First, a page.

The stand design is unique with access only from the back of the tank. One of the obstacles was cleanly routing all the 1.5″ plumbing from the rear of the tank as viewed to the “front” of the stand, and then back for return to the tank. The front of the cabinet is seamless, covered in laminate counter top material, the back is open. Because the tank is nestled between two walls spaced 13′ apart, a novel canopy was created. First, a 12″ tall header was bolted 18″ over the front edge of the tank between the walls. Then the locking doors were suspended from it. The sides were closed in with “facades”, whose design maintained a full height window for looking down the full 10′ length of the tank!parts3.jpg



The 10′ length of the tank posed a few challenges in creating adequate water motion throughout. To make better use of only 2 pumps, each is equipped with a Hayward 1.5″ actuated ball valve, which alternate on 3 minute intervals to concentrate flow. The main pump, a Sequence 4600 SEQ22, returns about 2000 gph through 2 pairs of spray bars along the back of the tank. Each has a vertical pipe directing current left (or right), and a horizontal bar providing surface (or bottom) movement. Additionally, a closed loop system, fed by an Iwaki 100RLD, pushes a similar amount of water from either end of the tank where it exits via a 1″ seaswirl and 3 nozzles directed towards the opposite side. Though it may be desirable to switch directions more often, the current interval requires a low level of valve maintenance.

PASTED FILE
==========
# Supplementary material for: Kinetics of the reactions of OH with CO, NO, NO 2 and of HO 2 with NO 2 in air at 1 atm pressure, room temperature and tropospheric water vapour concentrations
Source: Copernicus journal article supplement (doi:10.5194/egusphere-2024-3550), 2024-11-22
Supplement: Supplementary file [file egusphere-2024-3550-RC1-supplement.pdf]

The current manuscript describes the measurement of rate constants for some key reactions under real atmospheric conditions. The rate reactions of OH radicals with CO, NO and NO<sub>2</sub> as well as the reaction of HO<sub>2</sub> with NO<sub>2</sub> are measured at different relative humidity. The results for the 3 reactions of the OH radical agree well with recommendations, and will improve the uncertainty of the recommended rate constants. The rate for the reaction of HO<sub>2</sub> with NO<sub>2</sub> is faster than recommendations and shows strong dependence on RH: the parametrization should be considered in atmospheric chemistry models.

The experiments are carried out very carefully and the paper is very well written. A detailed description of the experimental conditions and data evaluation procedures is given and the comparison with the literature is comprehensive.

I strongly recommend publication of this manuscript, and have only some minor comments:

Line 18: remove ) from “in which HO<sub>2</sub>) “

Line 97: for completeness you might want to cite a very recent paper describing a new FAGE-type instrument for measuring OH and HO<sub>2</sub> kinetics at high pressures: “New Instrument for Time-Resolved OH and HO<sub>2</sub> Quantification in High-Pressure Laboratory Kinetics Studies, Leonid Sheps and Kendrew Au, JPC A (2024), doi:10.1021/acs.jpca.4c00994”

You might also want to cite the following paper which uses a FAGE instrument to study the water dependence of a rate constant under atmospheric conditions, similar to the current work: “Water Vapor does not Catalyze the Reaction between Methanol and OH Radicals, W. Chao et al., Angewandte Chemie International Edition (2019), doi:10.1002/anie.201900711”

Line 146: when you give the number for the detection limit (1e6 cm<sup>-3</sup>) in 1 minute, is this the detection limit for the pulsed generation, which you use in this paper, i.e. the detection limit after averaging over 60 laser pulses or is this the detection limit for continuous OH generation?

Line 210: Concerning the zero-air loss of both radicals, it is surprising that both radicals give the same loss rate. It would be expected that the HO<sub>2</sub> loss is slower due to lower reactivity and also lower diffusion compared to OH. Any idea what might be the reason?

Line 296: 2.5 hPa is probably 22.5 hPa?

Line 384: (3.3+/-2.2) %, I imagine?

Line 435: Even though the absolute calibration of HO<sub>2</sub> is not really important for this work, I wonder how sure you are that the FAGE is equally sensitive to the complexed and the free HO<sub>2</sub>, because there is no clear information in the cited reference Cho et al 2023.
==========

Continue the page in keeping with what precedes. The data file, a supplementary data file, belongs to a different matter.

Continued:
The system is monitored and controlled via a purchased neptune ACII.